In the past two decades, the incidence of Crohn’s disease has increased in adults, children and teenagers. Cases of the chronic inflammatory bowel disease have even been diagnosed in patients younger than six years old—an occurrence that used to be much rarer. What causes these early forms? Is there a way to alleviate the symptoms of this incurable condition that can cause growth problems in children? Prévost Jantchou, clinical researcher in pediatric gastroenterology at the CHU Sainte-Justine Research Centre affiliated with Université de Montréal, is working to answer those very questions.
First, Dr. Jantchou delved into the histories of tens of thousands of Québec patients born in the 1970s, many of whom have Crohn’s disease. His hypothesis is that exposure to certain perinatal risk factors such as prematurity or newborn infection is associated with a higher rate of occurrence. Antibiotic use and contact with pets may also play a role, and breastfeeding may be a protective factor. This retrospective analysis could help determine the critical times when Crohn’s disease is most likely to arise.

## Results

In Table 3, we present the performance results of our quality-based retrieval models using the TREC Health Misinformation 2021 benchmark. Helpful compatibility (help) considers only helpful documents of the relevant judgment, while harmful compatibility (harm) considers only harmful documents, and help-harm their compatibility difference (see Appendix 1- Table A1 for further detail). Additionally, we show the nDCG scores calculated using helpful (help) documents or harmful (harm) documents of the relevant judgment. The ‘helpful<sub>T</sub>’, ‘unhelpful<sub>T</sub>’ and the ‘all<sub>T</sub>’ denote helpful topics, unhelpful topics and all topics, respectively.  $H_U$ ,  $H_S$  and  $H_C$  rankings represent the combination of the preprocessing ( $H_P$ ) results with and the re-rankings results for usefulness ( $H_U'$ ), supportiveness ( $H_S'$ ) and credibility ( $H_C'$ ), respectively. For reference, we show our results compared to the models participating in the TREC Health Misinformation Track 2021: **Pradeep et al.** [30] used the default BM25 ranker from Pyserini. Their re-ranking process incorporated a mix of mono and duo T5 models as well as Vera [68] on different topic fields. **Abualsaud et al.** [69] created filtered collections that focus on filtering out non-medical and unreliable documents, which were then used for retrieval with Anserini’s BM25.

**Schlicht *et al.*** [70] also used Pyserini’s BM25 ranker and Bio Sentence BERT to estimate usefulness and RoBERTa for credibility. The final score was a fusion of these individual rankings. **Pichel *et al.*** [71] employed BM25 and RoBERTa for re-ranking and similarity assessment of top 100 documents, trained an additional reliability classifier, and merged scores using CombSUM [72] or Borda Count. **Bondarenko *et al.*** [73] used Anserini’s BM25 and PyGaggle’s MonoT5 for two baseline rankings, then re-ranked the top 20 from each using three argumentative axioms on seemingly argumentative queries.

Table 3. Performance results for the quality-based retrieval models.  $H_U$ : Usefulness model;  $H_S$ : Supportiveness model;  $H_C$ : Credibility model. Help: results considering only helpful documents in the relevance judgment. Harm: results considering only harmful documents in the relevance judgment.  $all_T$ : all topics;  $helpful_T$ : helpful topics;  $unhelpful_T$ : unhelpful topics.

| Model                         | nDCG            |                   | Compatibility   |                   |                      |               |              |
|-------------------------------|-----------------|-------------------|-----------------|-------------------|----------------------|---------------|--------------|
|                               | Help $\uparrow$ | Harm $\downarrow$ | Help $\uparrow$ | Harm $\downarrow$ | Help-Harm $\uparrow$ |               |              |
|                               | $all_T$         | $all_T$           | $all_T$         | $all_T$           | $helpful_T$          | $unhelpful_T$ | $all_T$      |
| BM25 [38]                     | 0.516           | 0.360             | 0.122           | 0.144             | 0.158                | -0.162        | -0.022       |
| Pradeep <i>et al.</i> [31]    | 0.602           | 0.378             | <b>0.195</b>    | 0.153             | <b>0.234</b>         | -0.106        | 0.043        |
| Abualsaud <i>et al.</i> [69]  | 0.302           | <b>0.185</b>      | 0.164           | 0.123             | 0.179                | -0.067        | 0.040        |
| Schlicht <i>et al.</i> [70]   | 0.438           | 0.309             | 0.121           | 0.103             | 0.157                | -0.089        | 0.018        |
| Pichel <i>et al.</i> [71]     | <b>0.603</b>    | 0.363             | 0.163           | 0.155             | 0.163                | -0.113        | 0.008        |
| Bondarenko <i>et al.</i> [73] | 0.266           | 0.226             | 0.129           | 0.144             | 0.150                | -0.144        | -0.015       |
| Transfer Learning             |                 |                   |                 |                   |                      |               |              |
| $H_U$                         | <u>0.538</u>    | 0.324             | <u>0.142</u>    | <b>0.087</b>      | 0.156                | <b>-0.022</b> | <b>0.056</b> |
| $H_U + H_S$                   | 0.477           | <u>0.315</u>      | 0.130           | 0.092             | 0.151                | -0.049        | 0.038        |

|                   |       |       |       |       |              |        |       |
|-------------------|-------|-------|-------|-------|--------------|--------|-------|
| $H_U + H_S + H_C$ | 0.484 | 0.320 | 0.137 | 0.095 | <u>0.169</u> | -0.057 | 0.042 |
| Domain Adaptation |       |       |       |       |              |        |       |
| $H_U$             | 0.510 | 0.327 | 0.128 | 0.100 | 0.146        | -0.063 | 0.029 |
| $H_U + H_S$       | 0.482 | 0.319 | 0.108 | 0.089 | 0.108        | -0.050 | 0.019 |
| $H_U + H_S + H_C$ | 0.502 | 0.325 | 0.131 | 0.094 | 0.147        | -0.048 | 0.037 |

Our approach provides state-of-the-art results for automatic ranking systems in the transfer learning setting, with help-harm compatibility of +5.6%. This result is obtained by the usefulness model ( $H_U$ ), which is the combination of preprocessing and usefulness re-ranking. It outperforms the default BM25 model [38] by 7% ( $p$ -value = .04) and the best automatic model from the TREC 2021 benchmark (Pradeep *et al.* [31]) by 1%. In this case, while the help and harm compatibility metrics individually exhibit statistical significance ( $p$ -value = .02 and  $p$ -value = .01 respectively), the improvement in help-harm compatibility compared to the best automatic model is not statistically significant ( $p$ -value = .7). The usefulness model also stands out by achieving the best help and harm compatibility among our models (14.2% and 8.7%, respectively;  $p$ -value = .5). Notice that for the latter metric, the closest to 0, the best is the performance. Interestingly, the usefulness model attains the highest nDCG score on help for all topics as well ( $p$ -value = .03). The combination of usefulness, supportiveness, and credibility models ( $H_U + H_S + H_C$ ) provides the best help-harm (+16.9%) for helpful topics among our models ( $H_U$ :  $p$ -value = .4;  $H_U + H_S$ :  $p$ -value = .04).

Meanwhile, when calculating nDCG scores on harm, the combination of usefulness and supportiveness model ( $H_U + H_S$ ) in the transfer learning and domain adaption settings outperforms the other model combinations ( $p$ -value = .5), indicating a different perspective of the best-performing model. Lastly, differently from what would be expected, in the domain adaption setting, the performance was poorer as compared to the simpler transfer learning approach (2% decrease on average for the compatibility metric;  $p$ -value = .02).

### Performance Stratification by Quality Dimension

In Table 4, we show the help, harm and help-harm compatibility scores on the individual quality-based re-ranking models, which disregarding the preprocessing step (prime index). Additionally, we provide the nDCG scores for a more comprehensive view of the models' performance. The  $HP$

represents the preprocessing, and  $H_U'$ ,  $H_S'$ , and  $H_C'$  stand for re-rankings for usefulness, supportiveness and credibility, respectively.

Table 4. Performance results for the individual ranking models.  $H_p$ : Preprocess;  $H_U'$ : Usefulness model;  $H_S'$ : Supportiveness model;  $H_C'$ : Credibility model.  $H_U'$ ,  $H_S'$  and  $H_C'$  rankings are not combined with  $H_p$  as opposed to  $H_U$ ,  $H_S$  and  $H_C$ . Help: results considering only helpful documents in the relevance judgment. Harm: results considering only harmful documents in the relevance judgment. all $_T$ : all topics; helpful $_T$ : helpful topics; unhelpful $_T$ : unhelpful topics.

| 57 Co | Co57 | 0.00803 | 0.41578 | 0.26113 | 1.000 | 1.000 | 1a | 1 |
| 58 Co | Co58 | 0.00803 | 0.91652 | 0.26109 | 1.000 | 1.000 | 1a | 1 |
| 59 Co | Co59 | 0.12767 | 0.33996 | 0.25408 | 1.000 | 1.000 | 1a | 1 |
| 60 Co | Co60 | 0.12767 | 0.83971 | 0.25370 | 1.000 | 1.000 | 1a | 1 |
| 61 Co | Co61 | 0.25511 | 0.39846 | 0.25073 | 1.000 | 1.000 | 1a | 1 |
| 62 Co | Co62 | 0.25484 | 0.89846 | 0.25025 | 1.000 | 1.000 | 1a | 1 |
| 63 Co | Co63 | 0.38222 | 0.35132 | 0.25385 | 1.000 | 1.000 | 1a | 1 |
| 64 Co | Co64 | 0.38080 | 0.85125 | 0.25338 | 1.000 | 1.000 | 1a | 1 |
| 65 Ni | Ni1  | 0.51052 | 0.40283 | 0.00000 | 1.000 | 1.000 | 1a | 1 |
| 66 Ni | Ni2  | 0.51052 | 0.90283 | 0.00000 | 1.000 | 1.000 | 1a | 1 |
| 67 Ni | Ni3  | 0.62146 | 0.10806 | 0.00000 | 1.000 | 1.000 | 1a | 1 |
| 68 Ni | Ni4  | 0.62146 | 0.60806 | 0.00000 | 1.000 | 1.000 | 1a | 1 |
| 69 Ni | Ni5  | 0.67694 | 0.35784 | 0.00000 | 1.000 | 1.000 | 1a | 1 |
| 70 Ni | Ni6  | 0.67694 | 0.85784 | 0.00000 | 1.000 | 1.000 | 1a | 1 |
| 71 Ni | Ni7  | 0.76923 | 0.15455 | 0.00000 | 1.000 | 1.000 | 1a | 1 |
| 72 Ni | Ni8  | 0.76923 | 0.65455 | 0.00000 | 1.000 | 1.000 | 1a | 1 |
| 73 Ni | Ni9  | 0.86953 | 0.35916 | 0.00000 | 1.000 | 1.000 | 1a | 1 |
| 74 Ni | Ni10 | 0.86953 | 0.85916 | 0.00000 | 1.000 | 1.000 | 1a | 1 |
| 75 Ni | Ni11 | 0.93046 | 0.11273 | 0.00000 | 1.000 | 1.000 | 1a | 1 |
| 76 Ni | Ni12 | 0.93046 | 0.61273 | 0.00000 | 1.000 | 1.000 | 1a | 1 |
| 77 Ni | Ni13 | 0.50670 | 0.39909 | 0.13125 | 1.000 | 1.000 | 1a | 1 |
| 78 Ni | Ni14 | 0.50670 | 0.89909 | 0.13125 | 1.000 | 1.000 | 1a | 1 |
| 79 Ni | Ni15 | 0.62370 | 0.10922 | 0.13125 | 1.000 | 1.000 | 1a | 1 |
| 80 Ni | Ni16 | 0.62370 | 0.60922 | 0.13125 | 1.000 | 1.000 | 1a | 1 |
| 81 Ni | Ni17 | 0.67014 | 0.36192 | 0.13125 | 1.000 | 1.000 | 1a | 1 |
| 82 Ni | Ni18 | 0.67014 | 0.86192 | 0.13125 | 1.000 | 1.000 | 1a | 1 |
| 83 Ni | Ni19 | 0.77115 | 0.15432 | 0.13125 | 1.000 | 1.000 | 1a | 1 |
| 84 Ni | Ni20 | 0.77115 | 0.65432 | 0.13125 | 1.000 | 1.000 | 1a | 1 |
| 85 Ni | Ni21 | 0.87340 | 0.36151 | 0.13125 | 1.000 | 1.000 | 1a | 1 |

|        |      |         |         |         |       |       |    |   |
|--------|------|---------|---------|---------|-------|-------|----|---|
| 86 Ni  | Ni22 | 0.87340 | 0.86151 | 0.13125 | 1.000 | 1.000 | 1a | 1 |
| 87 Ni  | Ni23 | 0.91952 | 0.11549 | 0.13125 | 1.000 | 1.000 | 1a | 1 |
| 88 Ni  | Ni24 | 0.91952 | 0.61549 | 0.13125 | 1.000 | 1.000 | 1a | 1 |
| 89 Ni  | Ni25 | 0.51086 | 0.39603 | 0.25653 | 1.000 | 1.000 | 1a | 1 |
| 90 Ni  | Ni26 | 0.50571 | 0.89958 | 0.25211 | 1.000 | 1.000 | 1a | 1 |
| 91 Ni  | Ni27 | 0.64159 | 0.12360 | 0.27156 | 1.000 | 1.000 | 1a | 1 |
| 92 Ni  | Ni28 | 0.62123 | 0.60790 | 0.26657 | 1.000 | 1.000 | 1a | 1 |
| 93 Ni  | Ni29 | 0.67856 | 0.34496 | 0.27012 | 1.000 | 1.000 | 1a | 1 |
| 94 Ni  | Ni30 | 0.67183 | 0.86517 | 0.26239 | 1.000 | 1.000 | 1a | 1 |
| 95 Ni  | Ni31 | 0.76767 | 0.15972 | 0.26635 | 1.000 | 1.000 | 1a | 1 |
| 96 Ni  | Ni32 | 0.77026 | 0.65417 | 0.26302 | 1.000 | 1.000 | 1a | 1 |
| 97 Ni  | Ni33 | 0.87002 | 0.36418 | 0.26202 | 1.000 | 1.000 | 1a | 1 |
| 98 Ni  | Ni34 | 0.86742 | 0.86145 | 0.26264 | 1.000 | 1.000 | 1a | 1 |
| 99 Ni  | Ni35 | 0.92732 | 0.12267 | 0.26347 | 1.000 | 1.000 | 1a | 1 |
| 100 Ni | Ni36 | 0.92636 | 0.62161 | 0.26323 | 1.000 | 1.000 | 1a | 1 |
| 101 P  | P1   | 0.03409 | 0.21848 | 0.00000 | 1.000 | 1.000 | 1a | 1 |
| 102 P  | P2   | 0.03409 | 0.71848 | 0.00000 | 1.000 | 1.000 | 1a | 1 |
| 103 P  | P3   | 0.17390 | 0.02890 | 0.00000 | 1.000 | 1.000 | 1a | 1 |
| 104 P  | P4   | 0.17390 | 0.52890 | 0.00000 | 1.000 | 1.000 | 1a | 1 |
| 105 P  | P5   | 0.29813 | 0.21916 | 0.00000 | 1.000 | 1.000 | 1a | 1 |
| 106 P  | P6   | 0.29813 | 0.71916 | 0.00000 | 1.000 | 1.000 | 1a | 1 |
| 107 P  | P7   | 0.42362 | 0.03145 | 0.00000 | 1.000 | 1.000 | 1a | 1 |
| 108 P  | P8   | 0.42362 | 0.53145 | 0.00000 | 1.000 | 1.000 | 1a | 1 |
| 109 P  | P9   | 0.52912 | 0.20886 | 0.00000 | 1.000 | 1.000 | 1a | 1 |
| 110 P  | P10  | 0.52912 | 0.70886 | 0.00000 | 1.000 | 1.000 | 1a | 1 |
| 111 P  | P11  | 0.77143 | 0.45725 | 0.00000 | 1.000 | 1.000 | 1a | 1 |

Because Crohn’s disease is more common in the hemispheres than at the equator, a lack of vitamin D, which is naturally synthetized under the action of the sun’s rays, may be to blame. In the second phase of the study, Prévost Jantchou and his team will follow a cohort of more than 316 Canadian children who will be administered very high doses of vitamin D for a year. Ultimately, this inexpensive and minimally invasive intervention could potentially reduce recurrences in patients and improve their quality of life. Owing to the COVID-19 pandemic, which slowed the participant recruitment process, the results are not expected before 2025.